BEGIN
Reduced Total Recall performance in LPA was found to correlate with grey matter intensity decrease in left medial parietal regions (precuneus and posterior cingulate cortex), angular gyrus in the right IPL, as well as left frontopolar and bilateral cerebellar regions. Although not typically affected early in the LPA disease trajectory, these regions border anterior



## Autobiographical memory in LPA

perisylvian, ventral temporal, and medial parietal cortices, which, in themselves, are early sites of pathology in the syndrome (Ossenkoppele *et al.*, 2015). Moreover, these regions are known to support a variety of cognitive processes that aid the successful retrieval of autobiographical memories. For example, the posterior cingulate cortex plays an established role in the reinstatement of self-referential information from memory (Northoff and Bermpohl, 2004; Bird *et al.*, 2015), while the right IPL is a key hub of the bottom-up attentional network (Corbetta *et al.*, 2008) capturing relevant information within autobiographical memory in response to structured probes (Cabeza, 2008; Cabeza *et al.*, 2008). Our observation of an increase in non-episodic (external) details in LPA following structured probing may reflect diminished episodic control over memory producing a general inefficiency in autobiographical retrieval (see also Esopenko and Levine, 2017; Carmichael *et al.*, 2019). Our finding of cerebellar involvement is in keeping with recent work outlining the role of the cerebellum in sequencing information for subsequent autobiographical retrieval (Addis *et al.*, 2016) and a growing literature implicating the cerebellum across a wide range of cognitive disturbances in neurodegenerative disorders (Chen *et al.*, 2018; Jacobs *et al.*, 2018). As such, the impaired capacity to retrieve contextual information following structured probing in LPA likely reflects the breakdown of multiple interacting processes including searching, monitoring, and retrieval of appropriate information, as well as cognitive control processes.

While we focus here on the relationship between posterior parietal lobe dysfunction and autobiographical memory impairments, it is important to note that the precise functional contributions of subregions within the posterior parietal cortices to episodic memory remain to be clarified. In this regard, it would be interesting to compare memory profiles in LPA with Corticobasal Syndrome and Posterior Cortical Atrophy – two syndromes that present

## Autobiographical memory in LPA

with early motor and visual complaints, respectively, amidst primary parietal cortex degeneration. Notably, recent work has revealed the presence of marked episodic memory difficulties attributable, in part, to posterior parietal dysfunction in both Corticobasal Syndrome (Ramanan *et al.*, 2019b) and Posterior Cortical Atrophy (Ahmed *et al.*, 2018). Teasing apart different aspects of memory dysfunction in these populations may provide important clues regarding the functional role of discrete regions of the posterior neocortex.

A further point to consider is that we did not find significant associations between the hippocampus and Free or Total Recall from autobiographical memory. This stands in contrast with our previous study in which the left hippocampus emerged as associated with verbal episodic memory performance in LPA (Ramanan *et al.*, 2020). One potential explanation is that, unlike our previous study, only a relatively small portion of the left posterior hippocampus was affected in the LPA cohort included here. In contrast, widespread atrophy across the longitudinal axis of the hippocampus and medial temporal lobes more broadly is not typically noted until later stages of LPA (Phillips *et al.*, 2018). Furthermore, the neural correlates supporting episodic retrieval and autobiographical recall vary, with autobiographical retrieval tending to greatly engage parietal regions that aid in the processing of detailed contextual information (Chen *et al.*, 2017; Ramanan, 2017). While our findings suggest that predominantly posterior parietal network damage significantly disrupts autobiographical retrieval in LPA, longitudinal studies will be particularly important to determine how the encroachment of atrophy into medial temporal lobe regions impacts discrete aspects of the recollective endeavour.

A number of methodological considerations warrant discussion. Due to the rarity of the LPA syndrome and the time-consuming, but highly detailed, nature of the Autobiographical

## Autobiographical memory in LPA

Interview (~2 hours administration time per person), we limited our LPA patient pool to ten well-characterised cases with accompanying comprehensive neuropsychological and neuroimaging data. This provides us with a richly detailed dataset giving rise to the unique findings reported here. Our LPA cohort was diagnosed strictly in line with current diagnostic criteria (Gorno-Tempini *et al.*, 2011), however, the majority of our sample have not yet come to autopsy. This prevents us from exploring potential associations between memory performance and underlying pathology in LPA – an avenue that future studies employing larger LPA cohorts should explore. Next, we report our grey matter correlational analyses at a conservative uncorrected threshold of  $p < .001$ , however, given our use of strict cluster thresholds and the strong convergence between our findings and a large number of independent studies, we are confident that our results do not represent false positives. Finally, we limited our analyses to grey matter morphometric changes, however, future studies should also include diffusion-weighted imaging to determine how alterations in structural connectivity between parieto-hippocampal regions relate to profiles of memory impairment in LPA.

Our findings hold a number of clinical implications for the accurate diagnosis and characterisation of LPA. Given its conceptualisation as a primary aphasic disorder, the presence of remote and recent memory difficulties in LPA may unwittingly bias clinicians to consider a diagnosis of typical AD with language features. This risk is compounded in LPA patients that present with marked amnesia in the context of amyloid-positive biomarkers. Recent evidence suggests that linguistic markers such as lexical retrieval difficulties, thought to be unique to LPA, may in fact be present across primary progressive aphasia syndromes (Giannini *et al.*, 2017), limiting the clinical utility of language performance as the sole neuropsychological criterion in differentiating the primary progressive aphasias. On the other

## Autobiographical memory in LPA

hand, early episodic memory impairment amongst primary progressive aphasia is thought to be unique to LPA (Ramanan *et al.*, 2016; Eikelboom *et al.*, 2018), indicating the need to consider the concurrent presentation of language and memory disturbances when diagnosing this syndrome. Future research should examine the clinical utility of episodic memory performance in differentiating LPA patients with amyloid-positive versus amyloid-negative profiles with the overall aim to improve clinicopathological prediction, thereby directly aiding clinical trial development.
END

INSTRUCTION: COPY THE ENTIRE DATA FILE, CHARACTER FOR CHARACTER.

Reduced Total Recall performance in LPA was found to correlate with grey matter intensity decrease in left medial parietal regions (precuneus and posterior cingulate cortex), angular gyrus in the right IPL, as well as left frontopolar and bilateral cerebellar regions. Although not typically affected early in the LPA disease trajectory, these regions border anterior



## Autobiographical memory in LPA

perisylvian, ventral temporal, and medial parietal cortices, which, in themselves, are early sites of pathology in the syndrome (Ossenkoppele *et al.*, 2015). Moreover, these regions are known to support a variety of cognitive processes that aid the successful retrieval of autobiographical memories. For example, the posterior cingulate cortex plays an established role in the reinstatement of self-referential information from memory (Northoff and Bermpohl, 2004; Bird *et al.*, 2015), while the right IPL is a key hub of the bottom-up attentional network (Corbetta *et al.*, 2008) capturing relevant information within autobiographical memory in response to structured probes (Cabeza, 2008; Cabeza *et al.*, 2008). Our observation of an increase in non-episodic (external) details in LPA following structured probing may reflect diminished episodic control over memory producing a general inefficiency in autobiographical retrieval (see also Esopenko and Levine, 2017; Carmichael *et al.*, 2019). Our finding of cerebellar involvement is in keeping with recent work outlining the role of the cerebellum in sequencing information for subsequent autobiographical retrieval (Addis *et al.*, 2016) and a growing literature implicating the cerebellum across a wide range of cognitive disturbances in neurodegenerative disorders (Chen *et al.*, 2018; Jacobs *et al.*, 2018). As such, the impaired capacity to retrieve contextual information following structured probing in LPA likely reflects the breakdown of multiple interacting processes including searching, monitoring, and retrieval of appropriate information, as well as cognitive control processes.

While we focus here on the relationship between posterior parietal lobe dysfunction and autobiographical memory impairments, it is important to note that the precise functional contributions of subregions within the posterior parietal cortices to episodic memory remain to be clarified. In this regard, it would be interesting to compare memory profiles in LPA with Corticobasal Syndrome and Posterior Cortical Atrophy – two syndromes that present

## Autobiographical memory in LPA

with early motor and visual complaints, respectively, amidst primary parietal cortex degeneration. Notably, recent work has revealed the presence of marked episodic memory difficulties attributable, in part, to posterior parietal dysfunction in both Corticobasal Syndrome (Ramanan *et al.*, 2019b) and Posterior Cortical Atrophy (Ahmed *et al.*, 2018). Teasing apart different aspects of memory dysfunction in these populations may provide important clues regarding the functional role of discrete regions of the posterior neocortex.

A further point to consider is that we did not find significant associations between the hippocampus and Free or Total Recall from autobiographical memory. This stands in contrast with our previous study in which the left hippocampus emerged as associated with verbal episodic memory performance in LPA (Ramanan *et al.*, 2020). One potential explanation is that, unlike our previous study, only a relatively small portion of the left posterior hippocampus was affected in the LPA cohort included here. In contrast, widespread atrophy across the longitudinal axis of the hippocampus and medial temporal lobes more broadly is not typically noted until later stages of LPA (Phillips *et al.*, 2018). Furthermore, the neural correlates supporting episodic retrieval and autobiographical recall vary, with autobiographical retrieval tending to greatly engage parietal regions that aid in the processing of detailed contextual information (Chen *et al.*, 2017; Ramanan, 2017). While our findings suggest that predominantly posterior parietal network damage significantly disrupts autobiographical retrieval in LPA, longitudinal studies will be particularly important to determine how the encroachment of atrophy into medial temporal lobe regions impacts discrete aspects of the recollective endeavour.

A number of methodological considerations warrant discussion. Due to the rarity of the LPA syndrome and the time-consuming, but highly detailed, nature of the Autobiographical

## Autobiographical memory in LPA

Interview (~2 hours administration time per person), we limited our LPA patient pool to ten well-characterised cases with accompanying comprehensive neuropsychological and neuroimaging data. This provides us with a richly detailed dataset giving rise to the unique findings reported here. Our LPA cohort was diagnosed strictly in line with current diagnostic criteria (Gorno-Tempini *et al.*, 2011), however, the majority of our sample have not yet come to autopsy. This prevents us from exploring potential associations between memory performance and underlying pathology in LPA – an avenue that future studies employing larger LPA cohorts should explore. Next, we report our grey matter correlational analyses at a conservative uncorrected threshold of  $p < .001$ , however, given our use of strict cluster thresholds and the strong convergence between our findings and a large number of independent studies, we are confident that our results do not represent false positives. Finally, we limited our analyses to grey matter morphometric changes, however, future studies should also include diffusion-weighted imaging to determine how alterations in structural connectivity between parieto-hippocampal regions relate to profiles of memory impairment in LPA.

Our findings hold a number of clinical implications for the accurate diagnosis and characterisation of LPA. Given its conceptualisation as a primary aphasic disorder, the presence of remote and recent memory difficulties in LPA may unwittingly bias clinicians to consider a diagnosis of typical AD with language features. This risk is compounded in LPA patients that present with marked amnesia in the context of amyloid-positive biomarkers. Recent evidence suggests that linguistic markers such as lexical retrieval difficulties, thought to be unique to LPA, may in fact be present across primary progressive aphasia syndromes (Giannini *et al.*, 2017), limiting the clinical utility of language performance as the sole neuropsychological criterion in differentiating the primary progressive aphasias. On the other

## Autobiographical memory in LPA

hand, early episodic memory impairment amongst primary progressive aphasia is thought to be unique to LPA (Ramanan *et al.*, 2016; Eikelboom *et al.*, 2018), indicating the need to consider the concurrent presentation of language and memory disturbances when diagnosing this syndrome. Future research should examine the clinical utility of episodic memory performance in differentiating LPA patients with amyloid-positive versus amyloid-negative profiles with the overall aim to improve clinicopathological prediction, thereby directly aiding clinical trial development.